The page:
Osteoporosis

Osteoporosis occurs when bones become weak and brittle. If left unchecked, it can lead to fractures. Any bone can be affected. Fractures of special concern are of the hip, spine and wrist.

  • Causes

    Throughout life, old bone is removed and new bone is added to your skeleton. After age 30, more bone is lost than replaced. If too much bone loss occurs, this may lead to osteoporosis. Osteoporosis is more likely to occur if full bone mass was not achieved during your bone-building years.

  • Definition

    Osteoporosis occurs when bones become weak and brittle. If left unchecked, it can lead to Fracture. Any bone can be affected. Fractures of special concern are of the Hip Fracture, Vertebral Compression Fracture and Wrist Fracture.

    Osteoporosis
    osteoporosis bone
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  • Diagnosis

    Your doctor will ask about your symptoms and medical history. A physical exam will be done. Tests may include:

    • Blood tests
    • Urine tests

    Osteoporosis can be seen with bone mineral density (BMD) tests of the hip, spine, wrist or other site. These may include:

    • Central (preferred) or peripheral dual-energy x-ray absorptiometry (DXA)
    • Quantitative ultrasound (QUS)
    • Central or peripheral quantitative CT scan (QCT)

  • Prevention

    Building strong bones throughout your early years is the best defense against osteoporosis. Getting enough calcium,
    vitamin D and regular exercise can keep bones strong throughout life.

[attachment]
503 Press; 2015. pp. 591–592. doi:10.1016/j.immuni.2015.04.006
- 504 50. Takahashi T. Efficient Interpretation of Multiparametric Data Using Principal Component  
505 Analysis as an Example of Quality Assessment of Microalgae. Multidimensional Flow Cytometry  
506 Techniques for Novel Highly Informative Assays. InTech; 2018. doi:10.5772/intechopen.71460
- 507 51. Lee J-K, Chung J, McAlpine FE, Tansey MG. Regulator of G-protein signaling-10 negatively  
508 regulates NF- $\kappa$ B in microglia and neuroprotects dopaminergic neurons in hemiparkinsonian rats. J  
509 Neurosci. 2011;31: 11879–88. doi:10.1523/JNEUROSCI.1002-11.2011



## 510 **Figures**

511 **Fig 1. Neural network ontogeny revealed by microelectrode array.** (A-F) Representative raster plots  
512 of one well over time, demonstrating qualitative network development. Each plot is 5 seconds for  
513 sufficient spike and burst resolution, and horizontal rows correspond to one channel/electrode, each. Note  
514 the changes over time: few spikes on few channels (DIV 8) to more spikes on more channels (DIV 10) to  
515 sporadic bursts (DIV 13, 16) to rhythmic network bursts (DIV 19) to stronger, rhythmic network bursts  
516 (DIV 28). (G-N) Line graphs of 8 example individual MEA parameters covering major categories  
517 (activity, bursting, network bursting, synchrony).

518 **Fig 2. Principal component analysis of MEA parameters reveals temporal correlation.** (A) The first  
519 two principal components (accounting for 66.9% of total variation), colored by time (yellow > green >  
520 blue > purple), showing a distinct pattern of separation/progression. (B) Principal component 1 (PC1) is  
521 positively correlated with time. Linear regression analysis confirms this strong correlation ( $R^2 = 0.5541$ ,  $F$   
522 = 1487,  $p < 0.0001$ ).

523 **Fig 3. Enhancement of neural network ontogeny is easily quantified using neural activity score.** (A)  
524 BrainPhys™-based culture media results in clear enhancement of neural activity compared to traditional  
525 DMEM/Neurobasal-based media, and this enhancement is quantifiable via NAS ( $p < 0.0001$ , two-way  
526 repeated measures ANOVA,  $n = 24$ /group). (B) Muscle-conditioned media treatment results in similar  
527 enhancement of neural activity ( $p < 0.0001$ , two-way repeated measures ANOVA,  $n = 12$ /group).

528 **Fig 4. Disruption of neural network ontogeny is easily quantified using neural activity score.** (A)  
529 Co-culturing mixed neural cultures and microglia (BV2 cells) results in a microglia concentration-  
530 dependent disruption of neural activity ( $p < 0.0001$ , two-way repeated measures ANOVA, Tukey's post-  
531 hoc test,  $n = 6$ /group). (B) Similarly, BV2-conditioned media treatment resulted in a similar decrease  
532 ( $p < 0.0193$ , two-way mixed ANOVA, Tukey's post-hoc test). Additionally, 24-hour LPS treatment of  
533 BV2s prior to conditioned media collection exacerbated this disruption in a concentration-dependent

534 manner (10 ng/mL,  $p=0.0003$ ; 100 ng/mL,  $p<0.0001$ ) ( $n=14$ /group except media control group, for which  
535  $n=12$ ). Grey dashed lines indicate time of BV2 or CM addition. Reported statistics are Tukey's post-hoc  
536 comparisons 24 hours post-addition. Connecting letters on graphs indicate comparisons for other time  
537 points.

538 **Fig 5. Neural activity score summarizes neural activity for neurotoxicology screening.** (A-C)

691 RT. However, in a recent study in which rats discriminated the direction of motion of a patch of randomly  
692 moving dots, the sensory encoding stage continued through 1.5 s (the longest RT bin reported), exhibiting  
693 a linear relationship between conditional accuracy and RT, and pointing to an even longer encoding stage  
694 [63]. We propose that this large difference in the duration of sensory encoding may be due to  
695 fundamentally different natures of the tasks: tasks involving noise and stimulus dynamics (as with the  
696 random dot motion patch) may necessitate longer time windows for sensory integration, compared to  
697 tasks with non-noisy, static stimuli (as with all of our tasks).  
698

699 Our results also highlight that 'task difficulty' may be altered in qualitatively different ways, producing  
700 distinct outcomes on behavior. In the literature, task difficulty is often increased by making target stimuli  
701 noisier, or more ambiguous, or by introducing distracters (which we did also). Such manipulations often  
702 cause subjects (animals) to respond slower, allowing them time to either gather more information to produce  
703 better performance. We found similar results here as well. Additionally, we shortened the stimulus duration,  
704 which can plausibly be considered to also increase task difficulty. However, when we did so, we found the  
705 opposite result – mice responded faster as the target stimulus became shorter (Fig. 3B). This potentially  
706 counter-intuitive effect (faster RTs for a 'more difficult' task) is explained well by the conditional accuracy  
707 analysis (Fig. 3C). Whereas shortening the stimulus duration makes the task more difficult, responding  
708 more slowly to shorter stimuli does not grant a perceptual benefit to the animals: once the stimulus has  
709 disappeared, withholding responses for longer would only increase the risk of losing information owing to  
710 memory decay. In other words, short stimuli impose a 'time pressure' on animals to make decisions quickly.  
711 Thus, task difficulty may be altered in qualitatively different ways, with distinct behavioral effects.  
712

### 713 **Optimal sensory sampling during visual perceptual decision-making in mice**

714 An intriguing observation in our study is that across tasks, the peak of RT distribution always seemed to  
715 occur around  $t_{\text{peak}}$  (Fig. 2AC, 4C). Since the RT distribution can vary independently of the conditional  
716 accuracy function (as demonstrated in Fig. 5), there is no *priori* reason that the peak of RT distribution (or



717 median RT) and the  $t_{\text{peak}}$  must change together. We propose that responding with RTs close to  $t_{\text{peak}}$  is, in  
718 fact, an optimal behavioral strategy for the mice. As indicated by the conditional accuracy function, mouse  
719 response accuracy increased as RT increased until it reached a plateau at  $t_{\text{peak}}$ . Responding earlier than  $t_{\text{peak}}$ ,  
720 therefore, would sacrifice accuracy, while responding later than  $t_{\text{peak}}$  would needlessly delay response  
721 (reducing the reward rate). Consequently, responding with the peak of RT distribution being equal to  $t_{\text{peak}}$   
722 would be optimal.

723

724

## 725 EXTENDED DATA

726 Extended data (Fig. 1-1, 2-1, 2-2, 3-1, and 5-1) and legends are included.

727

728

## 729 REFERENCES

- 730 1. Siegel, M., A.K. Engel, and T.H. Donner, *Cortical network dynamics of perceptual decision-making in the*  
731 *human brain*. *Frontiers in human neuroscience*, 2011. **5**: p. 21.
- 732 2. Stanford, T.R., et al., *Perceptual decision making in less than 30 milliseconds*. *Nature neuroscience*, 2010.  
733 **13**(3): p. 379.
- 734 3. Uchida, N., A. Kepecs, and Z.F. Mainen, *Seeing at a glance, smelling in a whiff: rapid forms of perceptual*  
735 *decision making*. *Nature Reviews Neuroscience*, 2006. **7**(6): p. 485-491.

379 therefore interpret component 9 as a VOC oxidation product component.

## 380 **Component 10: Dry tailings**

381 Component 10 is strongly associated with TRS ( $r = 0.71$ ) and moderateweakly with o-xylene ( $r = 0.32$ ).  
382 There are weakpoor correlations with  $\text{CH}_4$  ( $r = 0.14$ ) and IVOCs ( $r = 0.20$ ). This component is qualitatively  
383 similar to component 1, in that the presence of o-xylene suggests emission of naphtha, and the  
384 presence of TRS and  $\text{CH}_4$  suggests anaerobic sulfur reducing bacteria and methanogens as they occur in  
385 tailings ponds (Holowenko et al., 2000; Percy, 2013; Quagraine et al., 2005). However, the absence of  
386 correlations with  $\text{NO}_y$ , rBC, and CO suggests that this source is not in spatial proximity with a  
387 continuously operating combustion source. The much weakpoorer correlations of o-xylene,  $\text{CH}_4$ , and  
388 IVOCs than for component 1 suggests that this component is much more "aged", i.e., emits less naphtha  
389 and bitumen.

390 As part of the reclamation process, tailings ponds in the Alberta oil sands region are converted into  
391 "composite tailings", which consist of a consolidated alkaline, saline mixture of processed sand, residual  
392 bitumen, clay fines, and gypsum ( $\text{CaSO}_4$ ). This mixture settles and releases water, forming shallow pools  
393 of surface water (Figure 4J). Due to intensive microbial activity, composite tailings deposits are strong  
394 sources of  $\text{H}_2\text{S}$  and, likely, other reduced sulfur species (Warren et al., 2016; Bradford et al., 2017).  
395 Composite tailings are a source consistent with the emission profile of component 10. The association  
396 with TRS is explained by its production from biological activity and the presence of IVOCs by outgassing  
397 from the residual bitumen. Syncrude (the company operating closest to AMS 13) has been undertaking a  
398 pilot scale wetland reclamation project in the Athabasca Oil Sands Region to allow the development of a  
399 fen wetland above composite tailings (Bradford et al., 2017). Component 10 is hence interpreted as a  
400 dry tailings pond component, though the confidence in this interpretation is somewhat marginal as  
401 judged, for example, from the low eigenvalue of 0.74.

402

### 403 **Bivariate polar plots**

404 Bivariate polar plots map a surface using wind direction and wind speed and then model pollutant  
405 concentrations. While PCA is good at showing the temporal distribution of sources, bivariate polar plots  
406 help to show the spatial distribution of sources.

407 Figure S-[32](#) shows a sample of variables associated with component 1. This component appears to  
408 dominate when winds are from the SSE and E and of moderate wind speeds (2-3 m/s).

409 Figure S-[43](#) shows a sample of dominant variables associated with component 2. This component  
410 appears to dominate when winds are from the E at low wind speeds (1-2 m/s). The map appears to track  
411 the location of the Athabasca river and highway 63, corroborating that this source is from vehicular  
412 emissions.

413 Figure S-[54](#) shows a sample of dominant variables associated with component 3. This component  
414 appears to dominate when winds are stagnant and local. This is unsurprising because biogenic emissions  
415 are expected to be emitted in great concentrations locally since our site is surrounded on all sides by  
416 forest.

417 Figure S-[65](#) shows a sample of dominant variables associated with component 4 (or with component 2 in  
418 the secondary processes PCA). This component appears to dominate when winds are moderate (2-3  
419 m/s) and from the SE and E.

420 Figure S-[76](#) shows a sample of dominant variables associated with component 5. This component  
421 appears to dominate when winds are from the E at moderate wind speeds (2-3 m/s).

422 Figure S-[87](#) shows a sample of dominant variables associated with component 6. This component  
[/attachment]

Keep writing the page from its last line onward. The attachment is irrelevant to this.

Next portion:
To help reduce your chance of developing osteoporosis, take these steps:

    • Eat a balanced diet rich in calcium and vitamin D
    • Perform weight-bearing exercise
    • Live a healthy lifestyle (no smoking, drink alcohol only in moderation)
    • If you are a postmenopausal woman at high risk for bone fractures, medications may be appropriate to prevent osteoporosis

  • Risk Factors

    Osteoporosis is more common in women than in men. Other factors that may increase your chance of developing osteoporosis include:

    • Increasing age
    • Low weight
    • Smoking
    • Alcohol abuse
    • History of falls
    • Family history of osteoporosis
    • Postmenopausal status

    Certain conditions, such as:

    • Rheumatoid arthritis
    • Amenorrhea
      (no menstrual periods)
    • Hyperthyroidism
    • Type 2 diabetes
    • Asthma
    • Liver disease
    • Eating disorder
    • Depression
    • Crohn's disease
    • Use of certain medications, such as antidepressants, long-term heparin, corticosteroids, anticonvulsants, or antacids
    • Low hormone levels (low estrogen levels in women, low testosterone levels in men)
    • Inactive lifestyle
    • Certain restrictive diets that may result in a deficit of
      calcium
      or
      vitamin D
    • Too little sunlight (the effect of sun on the skin is a primary source of vitamin D)
    • Certain cancers, including
      lymphoma
      and
      multiple myeloma

  • Symptoms

    In most cases, people with osteoporosis remain symptom-free until there is a fracture. In those that do have symptoms, osteoporosis may cause:

    • Severe back pain with fracture of the vertebrae, wrists, hips, or other bones
    • Loss of height with stooped posture, a condition called kyphosis
    Kyphosis
    IMAGE
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  • Treatment

    The treatment and management of osteoporosis involves lifestyle changes and medications. Although osteoporosis is highly preventable, it cannot be cured. Treatment focuses on reducing the incidence of fractures and slowing bone loss.